If you start digging around the subject of women and investing you will see what I mean. Big Finance is swimming in a sea of surveys into the reasons why women just aren’t playing ball. There are surveys on whether we are driven by specific objectives, statistics about how interested we are in ethical or sustainable investing, focus groups looking at how fearful we are of not understanding. And so on. And so on.
Everything is connected
What the industry is fundamentally missing goes back to the comedian I shared my breakfast with this morning. For whatever reasons – be they biological or societal – in a woman’s brain, everything is connected. So, trying to engage us in what we have for so long perceived as a male-dominated arena by presenting unconnected facts and figures without proper attempts to help us understand how it all fits into our lives is simply not going to work.
To me, it stands to reason that, when a female scientist is presenting her ideas to a grant-giving organisation, she will want to show how her research can affect the world. That, presumably, is why she does the job she does. Equally, when a woman is shown performance figures of an investment fund, her connected brain will instantly link the amounts of money involved to what that actually means for her, for her family, the life she leads, the people she associates with and, potentially – if she is thinking about investing sustainably – the whole planet.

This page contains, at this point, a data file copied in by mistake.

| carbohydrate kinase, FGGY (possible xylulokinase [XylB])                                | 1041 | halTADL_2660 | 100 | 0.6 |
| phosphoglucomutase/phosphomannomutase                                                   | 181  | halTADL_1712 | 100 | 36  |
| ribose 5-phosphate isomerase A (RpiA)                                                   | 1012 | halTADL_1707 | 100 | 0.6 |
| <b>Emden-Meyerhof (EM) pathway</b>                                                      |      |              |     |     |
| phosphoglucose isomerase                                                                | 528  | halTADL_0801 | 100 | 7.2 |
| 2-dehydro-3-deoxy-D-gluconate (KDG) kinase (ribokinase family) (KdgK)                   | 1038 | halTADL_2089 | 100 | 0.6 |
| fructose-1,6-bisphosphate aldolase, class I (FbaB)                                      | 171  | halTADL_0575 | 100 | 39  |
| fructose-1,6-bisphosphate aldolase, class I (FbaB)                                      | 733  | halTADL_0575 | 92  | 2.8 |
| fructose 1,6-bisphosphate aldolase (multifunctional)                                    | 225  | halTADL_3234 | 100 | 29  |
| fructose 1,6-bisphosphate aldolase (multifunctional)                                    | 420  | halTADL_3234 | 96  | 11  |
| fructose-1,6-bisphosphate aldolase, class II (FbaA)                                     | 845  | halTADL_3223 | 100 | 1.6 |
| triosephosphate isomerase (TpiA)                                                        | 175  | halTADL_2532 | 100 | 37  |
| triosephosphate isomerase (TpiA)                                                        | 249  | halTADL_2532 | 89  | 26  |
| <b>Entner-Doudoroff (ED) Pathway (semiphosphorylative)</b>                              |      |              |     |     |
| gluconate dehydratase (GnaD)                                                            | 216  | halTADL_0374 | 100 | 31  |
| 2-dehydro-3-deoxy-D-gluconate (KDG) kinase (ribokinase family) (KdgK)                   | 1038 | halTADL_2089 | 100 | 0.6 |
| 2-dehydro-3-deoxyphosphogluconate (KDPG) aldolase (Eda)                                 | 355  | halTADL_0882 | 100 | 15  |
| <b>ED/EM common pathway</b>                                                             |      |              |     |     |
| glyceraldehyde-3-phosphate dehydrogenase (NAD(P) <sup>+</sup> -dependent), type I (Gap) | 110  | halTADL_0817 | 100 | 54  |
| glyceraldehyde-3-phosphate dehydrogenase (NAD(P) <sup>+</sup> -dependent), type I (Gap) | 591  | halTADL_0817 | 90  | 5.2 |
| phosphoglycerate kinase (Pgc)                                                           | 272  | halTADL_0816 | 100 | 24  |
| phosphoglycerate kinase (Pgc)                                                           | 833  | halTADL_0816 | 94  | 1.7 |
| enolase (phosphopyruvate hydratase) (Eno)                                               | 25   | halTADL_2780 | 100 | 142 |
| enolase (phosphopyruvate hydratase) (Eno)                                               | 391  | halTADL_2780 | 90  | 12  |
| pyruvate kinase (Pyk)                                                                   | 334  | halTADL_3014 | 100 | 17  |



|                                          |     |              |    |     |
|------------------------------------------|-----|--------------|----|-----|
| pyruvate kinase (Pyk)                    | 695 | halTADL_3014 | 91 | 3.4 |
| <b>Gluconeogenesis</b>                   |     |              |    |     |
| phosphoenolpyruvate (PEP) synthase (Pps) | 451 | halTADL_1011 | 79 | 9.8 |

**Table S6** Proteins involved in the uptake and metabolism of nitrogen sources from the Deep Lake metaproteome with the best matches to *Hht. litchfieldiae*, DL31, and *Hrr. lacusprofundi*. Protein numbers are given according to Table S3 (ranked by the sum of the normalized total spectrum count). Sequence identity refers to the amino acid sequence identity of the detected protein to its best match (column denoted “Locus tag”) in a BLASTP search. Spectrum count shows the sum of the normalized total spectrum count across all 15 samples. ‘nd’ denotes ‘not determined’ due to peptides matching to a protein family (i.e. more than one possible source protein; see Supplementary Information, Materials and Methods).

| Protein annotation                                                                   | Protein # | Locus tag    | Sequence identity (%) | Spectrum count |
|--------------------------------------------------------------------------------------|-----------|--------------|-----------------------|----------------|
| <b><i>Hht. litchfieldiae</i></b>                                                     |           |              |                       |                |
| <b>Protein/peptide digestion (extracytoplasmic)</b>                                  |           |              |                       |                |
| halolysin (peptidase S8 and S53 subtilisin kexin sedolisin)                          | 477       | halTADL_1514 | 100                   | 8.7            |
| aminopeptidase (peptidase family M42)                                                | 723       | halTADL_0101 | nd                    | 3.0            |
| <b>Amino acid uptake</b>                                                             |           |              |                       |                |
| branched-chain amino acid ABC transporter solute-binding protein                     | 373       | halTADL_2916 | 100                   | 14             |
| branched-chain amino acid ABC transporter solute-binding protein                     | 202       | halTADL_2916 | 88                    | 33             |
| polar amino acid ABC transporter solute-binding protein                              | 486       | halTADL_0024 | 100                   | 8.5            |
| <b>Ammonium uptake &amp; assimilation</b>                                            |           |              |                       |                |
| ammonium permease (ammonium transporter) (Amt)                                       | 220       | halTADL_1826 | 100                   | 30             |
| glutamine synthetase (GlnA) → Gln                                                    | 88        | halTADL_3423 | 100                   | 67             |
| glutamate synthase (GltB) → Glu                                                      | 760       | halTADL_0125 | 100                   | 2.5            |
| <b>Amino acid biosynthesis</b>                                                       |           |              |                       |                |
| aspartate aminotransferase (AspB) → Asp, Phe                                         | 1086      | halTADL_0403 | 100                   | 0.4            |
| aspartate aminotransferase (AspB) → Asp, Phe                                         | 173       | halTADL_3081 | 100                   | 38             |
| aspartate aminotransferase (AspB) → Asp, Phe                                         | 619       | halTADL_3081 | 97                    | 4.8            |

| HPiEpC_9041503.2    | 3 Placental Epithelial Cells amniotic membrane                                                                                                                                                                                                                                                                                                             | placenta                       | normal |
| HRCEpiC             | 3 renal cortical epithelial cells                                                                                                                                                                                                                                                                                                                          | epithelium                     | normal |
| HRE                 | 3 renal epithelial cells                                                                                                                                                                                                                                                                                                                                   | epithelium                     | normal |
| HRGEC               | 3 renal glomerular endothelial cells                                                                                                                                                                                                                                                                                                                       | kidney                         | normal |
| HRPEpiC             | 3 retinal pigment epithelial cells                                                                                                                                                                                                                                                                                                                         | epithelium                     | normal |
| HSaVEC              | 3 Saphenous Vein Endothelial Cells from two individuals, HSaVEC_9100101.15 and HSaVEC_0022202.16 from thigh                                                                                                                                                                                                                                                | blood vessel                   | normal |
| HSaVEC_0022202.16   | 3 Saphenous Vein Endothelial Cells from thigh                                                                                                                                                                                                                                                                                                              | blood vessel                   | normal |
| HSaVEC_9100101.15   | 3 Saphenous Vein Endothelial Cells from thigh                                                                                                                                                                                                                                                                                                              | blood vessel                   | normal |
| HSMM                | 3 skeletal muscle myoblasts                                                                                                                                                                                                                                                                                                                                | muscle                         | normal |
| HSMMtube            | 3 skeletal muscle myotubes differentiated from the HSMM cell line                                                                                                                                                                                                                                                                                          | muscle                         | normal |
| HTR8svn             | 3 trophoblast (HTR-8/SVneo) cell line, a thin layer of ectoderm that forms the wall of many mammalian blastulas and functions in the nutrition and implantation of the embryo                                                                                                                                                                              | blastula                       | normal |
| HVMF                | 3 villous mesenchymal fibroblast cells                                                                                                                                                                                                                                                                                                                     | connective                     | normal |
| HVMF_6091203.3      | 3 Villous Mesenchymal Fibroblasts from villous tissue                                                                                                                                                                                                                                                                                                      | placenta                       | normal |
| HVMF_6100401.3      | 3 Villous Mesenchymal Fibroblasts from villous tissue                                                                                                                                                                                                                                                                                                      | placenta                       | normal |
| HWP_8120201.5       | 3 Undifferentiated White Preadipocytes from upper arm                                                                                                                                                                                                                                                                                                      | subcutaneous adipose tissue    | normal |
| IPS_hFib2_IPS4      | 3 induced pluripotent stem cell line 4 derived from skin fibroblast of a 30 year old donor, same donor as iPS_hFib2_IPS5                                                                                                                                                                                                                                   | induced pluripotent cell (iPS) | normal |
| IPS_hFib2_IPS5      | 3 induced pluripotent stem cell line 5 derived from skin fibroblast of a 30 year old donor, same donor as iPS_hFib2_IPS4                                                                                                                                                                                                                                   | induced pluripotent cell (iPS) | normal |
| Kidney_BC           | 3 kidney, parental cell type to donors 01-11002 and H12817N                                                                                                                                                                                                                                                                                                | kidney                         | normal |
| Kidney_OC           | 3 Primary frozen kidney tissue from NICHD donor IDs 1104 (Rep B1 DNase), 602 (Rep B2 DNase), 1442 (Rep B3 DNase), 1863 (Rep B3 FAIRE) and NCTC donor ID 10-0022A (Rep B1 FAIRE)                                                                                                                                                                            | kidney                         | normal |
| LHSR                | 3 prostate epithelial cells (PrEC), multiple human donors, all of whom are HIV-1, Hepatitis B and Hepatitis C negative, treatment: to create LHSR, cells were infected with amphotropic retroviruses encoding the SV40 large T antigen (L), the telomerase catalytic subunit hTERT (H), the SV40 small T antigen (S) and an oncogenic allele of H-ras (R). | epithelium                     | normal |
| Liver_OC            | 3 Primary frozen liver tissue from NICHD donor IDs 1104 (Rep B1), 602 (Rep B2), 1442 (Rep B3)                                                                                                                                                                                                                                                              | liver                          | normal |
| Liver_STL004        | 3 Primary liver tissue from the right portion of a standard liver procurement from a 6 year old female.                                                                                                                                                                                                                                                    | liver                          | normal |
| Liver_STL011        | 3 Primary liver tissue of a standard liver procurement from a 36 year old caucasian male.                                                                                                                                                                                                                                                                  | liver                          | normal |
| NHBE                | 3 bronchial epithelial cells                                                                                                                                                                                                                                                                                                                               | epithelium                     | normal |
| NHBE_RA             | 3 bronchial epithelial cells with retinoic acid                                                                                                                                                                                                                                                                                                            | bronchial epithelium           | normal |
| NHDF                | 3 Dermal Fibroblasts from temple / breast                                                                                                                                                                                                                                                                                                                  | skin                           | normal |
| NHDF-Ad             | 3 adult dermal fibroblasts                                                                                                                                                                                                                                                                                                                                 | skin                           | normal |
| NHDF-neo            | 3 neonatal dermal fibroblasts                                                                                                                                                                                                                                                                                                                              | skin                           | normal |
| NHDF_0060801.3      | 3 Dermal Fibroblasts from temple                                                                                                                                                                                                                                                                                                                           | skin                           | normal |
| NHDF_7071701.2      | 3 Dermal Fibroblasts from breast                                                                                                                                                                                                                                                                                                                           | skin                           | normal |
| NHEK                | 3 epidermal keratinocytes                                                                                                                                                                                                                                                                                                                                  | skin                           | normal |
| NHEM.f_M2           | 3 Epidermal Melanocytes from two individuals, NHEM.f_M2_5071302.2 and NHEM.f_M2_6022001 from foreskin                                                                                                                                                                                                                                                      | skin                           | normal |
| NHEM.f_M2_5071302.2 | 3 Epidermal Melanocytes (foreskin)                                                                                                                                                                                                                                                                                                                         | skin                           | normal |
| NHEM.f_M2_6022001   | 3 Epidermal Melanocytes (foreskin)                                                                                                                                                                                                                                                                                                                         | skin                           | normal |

It’s no surprise that Professor Duflo is a woman
And this is the point where I connect you, my lovely Readers, back to Nobel-prize winning Professor Duflo (you didn’t really think I’d forgotten her, did you?). When I finally got around to listening to this news story, I realised that, what is remarkable about the win is not the fact that she is the youngest winner of the prize or that she is only the second woman to be awarded it. No, it is the fact that she and her team do not constrain themselves in their thinking within an intellectual box labelled ‘economics’. Instead, they concentrate their efforts on the practical implications of economic studies – such as improving education and healthcare in areas where poverty acts as a hindrance to these goals.
This is a connected approach. And so, to my mind, it is no surprise that Professor Duflo, winner of the Nobel prize for economics, is a woman. What is remarkable is that such prestige has been conferred on the approach itself. Well done to the team, and well done to the Royal Swedish Academy of Sciences!